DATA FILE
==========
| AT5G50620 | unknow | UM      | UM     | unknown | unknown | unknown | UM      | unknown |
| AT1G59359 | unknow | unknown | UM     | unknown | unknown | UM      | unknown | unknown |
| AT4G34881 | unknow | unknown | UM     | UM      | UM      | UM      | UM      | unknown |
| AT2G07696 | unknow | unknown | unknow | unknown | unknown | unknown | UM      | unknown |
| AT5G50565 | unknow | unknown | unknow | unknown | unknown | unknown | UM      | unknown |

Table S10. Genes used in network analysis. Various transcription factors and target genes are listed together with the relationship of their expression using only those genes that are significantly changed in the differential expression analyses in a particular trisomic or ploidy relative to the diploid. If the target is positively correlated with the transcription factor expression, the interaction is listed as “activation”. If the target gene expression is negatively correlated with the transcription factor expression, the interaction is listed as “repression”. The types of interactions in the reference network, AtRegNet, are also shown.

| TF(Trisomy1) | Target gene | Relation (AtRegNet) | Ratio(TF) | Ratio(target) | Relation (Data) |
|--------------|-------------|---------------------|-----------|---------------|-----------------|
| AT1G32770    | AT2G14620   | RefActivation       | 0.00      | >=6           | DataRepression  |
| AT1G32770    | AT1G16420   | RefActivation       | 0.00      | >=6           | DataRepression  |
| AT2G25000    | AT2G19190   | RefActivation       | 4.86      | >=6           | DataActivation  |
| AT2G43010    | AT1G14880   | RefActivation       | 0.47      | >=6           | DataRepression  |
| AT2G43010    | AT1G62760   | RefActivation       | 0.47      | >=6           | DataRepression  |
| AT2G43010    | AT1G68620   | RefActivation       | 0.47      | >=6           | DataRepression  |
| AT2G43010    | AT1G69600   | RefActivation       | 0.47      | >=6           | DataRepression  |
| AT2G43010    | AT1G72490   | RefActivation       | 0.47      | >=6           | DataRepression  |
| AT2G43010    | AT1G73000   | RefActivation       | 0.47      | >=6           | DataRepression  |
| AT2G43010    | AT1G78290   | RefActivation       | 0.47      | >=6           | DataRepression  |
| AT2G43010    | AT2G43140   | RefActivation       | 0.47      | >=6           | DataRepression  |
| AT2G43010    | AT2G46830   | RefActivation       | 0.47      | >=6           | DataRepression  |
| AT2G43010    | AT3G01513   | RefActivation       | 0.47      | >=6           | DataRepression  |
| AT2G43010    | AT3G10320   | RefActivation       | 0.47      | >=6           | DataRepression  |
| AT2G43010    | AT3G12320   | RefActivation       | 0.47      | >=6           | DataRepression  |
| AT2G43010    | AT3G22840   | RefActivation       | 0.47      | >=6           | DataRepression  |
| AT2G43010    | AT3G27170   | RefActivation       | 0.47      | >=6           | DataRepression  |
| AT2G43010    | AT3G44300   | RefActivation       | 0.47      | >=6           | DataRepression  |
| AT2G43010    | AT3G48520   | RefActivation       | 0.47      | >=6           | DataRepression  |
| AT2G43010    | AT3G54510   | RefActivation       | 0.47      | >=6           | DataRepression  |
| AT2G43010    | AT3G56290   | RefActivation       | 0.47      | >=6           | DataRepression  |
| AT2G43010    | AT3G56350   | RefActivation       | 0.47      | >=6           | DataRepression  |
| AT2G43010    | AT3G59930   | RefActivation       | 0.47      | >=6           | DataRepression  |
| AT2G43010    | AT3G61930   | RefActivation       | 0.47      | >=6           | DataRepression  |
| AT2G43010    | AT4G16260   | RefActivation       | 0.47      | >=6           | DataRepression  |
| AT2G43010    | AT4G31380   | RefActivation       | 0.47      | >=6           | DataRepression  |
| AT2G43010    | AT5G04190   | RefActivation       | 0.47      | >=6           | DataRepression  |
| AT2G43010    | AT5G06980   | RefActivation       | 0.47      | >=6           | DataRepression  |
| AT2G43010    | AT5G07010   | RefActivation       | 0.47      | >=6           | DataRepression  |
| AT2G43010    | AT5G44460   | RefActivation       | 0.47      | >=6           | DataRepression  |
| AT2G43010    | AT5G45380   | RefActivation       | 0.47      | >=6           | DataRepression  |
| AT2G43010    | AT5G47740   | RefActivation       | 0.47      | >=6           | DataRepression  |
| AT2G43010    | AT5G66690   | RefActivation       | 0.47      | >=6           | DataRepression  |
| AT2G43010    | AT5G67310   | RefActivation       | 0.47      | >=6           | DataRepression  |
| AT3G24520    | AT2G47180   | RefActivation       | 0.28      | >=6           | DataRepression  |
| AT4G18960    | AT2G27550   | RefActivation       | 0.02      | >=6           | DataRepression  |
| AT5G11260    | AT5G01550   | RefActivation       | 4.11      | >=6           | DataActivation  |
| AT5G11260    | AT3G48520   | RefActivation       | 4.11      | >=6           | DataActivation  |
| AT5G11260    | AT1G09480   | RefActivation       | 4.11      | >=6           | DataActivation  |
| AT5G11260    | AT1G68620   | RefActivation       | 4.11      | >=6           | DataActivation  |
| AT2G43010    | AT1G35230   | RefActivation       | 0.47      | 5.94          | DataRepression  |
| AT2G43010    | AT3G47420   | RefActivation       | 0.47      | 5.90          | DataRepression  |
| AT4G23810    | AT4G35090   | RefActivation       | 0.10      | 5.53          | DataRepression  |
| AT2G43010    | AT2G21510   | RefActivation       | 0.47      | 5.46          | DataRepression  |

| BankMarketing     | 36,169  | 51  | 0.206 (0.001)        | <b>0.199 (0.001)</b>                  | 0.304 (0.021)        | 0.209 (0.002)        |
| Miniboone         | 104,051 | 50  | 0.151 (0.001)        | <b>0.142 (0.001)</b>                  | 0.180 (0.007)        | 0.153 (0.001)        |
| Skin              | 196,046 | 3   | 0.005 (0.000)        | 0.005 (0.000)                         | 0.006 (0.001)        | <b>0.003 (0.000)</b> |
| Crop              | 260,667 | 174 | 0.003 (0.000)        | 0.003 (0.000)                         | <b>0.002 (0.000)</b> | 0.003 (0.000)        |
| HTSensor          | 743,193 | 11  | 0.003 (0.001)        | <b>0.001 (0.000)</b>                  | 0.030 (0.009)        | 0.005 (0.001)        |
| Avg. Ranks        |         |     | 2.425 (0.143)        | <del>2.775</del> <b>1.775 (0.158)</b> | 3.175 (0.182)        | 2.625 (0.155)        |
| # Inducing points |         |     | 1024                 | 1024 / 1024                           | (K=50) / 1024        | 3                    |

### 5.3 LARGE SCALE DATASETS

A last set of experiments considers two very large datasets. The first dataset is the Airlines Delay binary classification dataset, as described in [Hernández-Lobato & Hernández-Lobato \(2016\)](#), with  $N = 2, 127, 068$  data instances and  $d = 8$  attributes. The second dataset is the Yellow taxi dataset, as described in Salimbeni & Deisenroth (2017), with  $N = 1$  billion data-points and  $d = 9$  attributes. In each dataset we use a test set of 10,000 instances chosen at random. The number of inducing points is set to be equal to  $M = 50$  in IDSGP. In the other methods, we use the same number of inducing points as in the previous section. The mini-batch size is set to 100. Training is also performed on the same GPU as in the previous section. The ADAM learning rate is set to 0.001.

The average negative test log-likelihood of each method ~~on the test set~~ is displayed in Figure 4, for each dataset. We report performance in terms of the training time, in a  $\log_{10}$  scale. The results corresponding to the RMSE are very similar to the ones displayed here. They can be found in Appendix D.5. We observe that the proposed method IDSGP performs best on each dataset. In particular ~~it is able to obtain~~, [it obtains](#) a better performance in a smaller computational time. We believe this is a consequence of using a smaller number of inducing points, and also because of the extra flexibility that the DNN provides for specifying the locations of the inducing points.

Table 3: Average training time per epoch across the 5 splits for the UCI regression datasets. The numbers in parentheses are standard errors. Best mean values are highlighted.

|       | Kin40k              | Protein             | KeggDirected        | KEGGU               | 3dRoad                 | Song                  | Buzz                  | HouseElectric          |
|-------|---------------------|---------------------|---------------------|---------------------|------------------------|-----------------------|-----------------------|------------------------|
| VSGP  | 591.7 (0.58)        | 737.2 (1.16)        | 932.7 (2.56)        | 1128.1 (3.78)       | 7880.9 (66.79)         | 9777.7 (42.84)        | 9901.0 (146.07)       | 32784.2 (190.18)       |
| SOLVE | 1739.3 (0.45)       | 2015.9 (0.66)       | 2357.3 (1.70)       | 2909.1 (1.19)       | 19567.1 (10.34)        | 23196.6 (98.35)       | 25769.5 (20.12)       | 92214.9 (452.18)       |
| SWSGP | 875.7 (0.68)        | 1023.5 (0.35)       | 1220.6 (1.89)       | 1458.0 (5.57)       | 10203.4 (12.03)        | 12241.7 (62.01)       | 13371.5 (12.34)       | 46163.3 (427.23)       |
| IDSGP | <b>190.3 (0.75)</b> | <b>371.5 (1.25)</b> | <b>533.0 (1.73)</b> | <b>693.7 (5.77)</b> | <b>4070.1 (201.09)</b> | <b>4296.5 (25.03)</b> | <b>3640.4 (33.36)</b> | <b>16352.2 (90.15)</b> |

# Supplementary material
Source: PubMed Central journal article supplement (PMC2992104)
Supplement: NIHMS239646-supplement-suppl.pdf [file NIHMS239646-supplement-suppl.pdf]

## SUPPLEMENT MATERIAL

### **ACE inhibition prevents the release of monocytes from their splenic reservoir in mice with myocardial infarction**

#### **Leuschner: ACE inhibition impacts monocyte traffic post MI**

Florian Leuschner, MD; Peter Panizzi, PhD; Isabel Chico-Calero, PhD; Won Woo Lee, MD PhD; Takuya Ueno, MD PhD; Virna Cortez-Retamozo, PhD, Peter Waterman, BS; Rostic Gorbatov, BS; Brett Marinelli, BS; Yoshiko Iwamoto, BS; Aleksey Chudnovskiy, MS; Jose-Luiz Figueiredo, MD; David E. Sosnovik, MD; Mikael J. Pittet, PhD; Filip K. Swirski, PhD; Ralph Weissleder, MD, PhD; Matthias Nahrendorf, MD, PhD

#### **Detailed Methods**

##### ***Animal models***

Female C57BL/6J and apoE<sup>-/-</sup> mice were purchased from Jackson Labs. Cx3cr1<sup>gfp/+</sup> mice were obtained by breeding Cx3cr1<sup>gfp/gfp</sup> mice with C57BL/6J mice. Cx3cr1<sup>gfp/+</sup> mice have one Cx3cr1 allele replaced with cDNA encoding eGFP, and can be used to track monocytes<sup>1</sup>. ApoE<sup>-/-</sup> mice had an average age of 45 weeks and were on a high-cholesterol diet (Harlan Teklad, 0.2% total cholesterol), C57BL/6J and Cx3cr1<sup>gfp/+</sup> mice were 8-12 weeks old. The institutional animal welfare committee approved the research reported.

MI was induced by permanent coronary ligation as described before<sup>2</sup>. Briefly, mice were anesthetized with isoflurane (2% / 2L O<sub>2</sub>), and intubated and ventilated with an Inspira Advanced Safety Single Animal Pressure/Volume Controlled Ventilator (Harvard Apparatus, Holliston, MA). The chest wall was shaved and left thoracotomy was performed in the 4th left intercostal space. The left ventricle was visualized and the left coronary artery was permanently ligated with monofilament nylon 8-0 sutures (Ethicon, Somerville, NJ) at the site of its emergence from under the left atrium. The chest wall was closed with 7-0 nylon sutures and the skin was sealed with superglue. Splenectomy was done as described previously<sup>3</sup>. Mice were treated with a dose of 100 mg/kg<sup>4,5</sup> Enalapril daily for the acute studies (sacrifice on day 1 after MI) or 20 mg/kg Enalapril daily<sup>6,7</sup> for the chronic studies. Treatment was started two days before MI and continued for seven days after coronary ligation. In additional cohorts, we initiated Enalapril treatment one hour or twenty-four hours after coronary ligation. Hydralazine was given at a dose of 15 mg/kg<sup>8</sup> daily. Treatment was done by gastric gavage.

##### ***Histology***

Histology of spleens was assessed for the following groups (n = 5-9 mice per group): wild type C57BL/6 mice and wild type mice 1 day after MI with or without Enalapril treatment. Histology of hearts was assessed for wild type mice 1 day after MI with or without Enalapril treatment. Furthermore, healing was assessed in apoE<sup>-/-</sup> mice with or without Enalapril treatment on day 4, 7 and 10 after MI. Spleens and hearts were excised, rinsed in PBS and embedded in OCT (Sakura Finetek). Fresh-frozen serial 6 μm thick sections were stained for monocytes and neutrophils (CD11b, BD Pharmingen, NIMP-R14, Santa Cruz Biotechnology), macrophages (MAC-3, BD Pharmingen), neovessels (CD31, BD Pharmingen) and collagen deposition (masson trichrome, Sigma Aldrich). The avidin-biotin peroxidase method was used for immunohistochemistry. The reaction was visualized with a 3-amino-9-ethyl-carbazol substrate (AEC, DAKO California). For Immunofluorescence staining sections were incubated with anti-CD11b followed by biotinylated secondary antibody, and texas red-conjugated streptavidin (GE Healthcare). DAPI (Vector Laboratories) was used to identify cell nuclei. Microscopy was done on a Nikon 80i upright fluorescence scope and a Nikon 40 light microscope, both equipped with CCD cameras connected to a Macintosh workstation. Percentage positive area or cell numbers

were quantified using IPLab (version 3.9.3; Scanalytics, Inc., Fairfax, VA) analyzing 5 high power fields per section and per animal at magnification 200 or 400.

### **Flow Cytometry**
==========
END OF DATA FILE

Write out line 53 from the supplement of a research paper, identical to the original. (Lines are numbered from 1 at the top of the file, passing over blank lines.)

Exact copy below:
| BankMarketing     | 36,169  | 51  | 0.206 (0.001)        | <b>0.199 (0.001)</b>                  | 0.304 (0.021)        | 0.209 (0.002)        |